I love voting. It always gives me a weird little thrill to take my card down to my local station, to stand in the booth with my pencil poised. Even when I know exactly who I’m going to vote for (and I usually do – I also enjoy getting the research done on my decision, and I read every bit of political literature that come through the door) I like to have a short dramatic pause, just to extend the moment. Then I will swoop, marking my preference with a flourish. I will walk out of the station with a straight back, head held high, a smile on my face. “There,” I will tell myself. “I HAVE VOTED.” I can be such a ponce sometimes.

The very fact that I am able to stand and give myself a little moment in a voting booth is the result of hundreds of years of struggle to get power out of the hands of the privileged, monied few and into the grasp of the people of Britain. I always want to recognise and appreciate that fact, and the sacrifices that have been made on my behalf. The simple act of voting, that so many people take for granted and that less and less of us actually manage to get off our arses and complete, is the foundation of our democracy.

Many people these days say that their vote doesn’t matter, that it makes no difference whose box they put their cross into. It’s this argument that makes everyone’s vote less powerful. Not showing up devalues everyone else’s vote. It’s a selfish, dangerous stance. That’s what makes today’s referendum so important. A Yes vote will give us a system where our vote does matter, where extremists can’t get power, where you can vote your conscience instead of tactically.

But that’s my opinion. You have yours. And it’s your inalienable right to express it whichever way you like. Whatever you do, don’t waste it. Be a citizen today. Take a half hour and enjoy the fact that we live in a country where you can freely go into a voting booth and say what you think.

See you at the voting station!

(The excellent photo comes via Andrew Bloch on Twitter).

A Response To The Chancellor

(I didn’t watch the live Budget broadcast yesterday, for fear that I might throw something at the telly. This is a fairly common occurrence whenever George Osborne is on screen, so I figured probably best not. However, I was following the Twitters, with particular interest shown to tax expert and strident reformist Richard Murphy. He was not impressed. I’ve had a chance to see what was in young Osborne’s little red satchel, and I would like to respond as if I was the Shadow Chancellor (incidentally, isn’t that a great name for a fantasy villain?) – admittedly, with the benefit of hindsight that I don’t think Ed Balls gets.)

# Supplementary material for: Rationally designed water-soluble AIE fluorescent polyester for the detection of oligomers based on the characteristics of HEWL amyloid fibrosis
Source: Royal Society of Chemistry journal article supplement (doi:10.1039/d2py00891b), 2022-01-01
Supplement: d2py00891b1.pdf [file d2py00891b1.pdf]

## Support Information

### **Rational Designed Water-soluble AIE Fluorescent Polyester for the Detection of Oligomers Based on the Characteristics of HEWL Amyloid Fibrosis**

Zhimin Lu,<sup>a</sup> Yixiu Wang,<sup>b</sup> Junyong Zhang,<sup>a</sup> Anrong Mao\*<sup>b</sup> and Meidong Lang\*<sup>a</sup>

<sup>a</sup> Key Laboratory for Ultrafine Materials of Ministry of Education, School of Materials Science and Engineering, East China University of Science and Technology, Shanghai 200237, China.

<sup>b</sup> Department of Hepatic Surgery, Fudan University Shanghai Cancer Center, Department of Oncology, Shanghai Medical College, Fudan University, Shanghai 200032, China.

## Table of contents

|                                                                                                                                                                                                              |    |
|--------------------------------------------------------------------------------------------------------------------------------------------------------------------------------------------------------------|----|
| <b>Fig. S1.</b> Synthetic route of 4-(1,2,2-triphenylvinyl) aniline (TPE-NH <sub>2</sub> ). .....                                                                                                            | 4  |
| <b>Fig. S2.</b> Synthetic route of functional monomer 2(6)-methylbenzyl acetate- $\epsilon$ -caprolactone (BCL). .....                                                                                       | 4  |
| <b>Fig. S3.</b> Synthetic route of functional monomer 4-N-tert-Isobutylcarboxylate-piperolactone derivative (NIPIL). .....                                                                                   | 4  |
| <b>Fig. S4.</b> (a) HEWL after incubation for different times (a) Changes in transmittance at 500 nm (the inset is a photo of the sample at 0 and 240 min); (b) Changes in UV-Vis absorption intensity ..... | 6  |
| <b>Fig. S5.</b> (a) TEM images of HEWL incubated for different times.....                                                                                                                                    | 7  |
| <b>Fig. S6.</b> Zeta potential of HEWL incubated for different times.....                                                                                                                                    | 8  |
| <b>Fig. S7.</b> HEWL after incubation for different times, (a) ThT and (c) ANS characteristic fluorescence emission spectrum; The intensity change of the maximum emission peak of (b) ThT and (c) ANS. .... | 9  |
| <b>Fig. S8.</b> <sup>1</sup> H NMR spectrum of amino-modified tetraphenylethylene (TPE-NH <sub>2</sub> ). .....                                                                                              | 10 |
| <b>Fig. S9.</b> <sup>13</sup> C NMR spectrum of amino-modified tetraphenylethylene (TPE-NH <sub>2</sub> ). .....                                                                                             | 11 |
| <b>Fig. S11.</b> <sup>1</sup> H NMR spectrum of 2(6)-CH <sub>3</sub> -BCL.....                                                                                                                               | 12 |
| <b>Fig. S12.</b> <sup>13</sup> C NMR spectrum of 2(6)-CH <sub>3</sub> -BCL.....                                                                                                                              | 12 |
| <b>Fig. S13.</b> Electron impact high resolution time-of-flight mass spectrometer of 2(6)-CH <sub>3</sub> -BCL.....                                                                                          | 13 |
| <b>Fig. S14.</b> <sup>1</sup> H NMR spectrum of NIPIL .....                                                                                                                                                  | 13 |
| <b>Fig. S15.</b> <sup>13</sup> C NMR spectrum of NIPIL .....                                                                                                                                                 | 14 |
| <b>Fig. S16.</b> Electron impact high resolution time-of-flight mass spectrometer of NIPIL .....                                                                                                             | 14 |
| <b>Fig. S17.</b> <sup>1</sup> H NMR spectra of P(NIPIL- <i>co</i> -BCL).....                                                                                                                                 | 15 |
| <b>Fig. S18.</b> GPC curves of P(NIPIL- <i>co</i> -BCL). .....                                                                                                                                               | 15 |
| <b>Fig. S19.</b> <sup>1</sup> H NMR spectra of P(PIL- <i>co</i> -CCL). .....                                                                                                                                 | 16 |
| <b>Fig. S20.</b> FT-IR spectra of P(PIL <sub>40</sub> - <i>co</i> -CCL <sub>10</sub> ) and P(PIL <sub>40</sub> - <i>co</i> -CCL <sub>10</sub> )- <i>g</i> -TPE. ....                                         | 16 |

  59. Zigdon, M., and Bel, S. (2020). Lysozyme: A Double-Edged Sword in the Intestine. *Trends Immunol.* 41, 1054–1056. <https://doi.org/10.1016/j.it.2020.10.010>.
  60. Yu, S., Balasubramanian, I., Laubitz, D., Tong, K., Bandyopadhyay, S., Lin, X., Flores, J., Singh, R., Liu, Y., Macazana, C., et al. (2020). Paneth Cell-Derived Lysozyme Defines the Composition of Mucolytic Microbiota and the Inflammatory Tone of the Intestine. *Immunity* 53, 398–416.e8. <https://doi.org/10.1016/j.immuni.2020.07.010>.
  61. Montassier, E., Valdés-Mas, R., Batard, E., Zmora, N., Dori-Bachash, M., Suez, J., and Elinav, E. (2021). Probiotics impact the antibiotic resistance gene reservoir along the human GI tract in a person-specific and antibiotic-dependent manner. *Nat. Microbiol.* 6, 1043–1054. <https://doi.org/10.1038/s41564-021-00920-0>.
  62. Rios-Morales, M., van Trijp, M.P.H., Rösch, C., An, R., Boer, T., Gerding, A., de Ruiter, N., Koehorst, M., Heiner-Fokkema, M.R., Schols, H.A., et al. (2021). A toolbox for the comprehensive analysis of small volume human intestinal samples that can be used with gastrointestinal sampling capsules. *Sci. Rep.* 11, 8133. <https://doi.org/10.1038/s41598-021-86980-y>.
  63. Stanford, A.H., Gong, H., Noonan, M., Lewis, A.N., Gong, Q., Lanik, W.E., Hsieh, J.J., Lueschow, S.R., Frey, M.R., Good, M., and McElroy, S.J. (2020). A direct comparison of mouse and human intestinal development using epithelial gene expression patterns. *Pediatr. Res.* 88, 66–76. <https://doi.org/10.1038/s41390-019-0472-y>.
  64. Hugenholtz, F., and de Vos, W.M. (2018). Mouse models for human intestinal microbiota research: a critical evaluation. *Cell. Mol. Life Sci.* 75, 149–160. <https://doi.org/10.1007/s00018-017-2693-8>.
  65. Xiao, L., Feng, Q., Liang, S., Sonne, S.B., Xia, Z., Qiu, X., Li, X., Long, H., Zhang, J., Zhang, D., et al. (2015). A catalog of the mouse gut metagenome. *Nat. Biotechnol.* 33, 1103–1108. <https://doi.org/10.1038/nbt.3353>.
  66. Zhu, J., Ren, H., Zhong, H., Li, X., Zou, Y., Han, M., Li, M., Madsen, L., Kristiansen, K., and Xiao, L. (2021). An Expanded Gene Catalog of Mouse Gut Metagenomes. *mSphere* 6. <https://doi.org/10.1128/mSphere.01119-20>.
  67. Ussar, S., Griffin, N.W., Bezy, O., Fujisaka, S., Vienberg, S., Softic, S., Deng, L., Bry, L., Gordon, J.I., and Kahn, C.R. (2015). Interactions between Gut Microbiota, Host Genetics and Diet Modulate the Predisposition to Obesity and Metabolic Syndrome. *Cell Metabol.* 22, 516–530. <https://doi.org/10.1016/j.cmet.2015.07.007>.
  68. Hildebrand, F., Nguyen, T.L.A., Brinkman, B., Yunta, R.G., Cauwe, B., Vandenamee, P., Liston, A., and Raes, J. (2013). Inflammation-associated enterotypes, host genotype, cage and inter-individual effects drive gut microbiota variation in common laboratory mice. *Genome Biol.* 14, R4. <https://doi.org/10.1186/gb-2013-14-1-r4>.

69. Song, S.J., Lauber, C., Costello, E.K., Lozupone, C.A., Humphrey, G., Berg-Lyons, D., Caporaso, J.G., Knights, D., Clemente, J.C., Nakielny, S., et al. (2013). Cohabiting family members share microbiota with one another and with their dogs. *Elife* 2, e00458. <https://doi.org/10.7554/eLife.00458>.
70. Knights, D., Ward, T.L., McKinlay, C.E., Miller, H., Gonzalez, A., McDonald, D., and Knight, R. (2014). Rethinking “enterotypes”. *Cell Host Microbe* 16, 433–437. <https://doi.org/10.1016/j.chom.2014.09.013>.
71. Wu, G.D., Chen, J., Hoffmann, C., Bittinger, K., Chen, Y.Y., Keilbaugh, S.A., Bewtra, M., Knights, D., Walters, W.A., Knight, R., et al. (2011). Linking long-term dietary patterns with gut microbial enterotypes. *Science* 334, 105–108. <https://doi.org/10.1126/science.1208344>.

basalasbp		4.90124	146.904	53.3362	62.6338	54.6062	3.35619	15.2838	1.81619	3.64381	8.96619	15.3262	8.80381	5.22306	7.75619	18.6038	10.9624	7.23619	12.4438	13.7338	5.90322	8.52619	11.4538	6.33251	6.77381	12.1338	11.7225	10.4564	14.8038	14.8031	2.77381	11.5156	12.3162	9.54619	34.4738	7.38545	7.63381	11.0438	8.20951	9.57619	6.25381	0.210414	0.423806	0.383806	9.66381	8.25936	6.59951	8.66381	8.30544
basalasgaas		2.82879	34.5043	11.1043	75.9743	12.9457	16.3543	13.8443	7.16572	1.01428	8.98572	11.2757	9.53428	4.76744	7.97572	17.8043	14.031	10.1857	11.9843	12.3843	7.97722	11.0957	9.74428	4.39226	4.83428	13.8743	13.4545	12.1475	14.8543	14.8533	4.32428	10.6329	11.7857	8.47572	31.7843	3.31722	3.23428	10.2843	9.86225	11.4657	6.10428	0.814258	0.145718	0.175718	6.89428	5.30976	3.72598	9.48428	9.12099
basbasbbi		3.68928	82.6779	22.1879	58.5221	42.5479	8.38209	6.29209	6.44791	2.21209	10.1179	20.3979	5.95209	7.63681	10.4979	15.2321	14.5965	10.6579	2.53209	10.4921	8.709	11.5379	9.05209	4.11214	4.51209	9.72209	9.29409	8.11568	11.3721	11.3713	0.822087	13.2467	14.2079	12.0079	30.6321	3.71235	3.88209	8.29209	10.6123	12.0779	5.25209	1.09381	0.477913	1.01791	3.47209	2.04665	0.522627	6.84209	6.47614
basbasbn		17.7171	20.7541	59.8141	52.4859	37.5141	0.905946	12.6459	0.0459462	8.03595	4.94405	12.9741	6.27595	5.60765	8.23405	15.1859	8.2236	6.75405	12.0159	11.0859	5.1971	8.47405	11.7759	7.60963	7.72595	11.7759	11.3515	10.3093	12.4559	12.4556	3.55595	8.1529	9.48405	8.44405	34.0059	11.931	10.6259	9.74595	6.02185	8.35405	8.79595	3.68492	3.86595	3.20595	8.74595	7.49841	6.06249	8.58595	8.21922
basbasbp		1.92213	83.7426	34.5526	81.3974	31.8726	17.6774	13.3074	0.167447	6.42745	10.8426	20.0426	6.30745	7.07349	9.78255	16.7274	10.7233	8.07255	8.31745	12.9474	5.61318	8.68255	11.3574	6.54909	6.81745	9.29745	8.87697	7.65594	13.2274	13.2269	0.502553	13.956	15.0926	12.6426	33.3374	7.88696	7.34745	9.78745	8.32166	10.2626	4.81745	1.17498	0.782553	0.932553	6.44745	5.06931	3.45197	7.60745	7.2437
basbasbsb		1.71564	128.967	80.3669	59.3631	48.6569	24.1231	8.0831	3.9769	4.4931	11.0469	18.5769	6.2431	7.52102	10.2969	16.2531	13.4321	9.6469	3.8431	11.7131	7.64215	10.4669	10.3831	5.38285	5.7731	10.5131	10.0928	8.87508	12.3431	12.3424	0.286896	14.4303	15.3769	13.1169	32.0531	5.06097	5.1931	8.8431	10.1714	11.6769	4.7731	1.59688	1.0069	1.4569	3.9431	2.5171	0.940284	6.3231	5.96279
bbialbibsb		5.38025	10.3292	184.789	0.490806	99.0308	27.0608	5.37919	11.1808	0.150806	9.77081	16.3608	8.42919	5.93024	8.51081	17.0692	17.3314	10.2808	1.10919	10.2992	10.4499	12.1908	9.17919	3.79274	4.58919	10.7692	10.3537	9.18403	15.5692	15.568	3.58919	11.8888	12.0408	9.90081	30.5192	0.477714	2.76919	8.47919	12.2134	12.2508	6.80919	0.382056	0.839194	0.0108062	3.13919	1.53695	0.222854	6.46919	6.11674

The Shadow Chancellor rises, and waits for the applause and jeering to die down. He fixes his opposite number with a hooded glare, and taps impatiently on his lecturn with the eraser end of a pencil.

The House of Commons is, unusually, completely silent as he speaks.

“Is that it? Really? Is that the best you can do? Have you given up so early in the game, George? I mean, this is just derisory. There’s hardly anything here! Alright, let’s see what you’ve managed to do, shall we?

A penny off fuel duty. When you’d raised it by two in the last budget, and a postponement of the next hike until January. Which means you’ve just promised the drivers of the nation two price rises on fuel in 2012. 50p on a packet of fags. Fine, I’m with you on the coffin nails. A sneaky play on alcohol duty though. No rise doesn’t mean you’ve abolished the duty escalator. So that’s a 2% rise above the rate of inflation. 10p on a pint over the next year. You’ve just doomed the rural pub market. Not that people can afford to drive to them in the first place, but that on top of the VAT hike is going to grease the slide on which a lot of these local community businesses are already teetering. Nice work.

“That’s a sweet little drop in corporation tax rates there. And I see you’ve made an attempt to address tax avoidance. Sort of. A bit. A fifty grand payment if you’ve lived in the UK for twelve years. I can see Philip Green quaking in his boots over that one. And you’ve not put a limit on the tax assets that banks are sitting on from the losses they incurred in the 2008 banking crisis. That’s what kept Barclay’s tax bill down to a 1% payment. Nicely done. Keeping your paymasters sweet.

“If you were serious about tax avoidance, you’d give HMRC the cash and staffing it needed to get to grips with the staggering amount of revenue we lose to corporate shenanigans every year. Instead, you’ve provided loopholes in inheritance tax and charitable contributions that will turn this country into a haven for tax abusers. Nicely considered.

And after that, we can still see that growth has slowed for the third successive quarter that you’ve been in charge of the accounts. That’s not the best record, really, is it?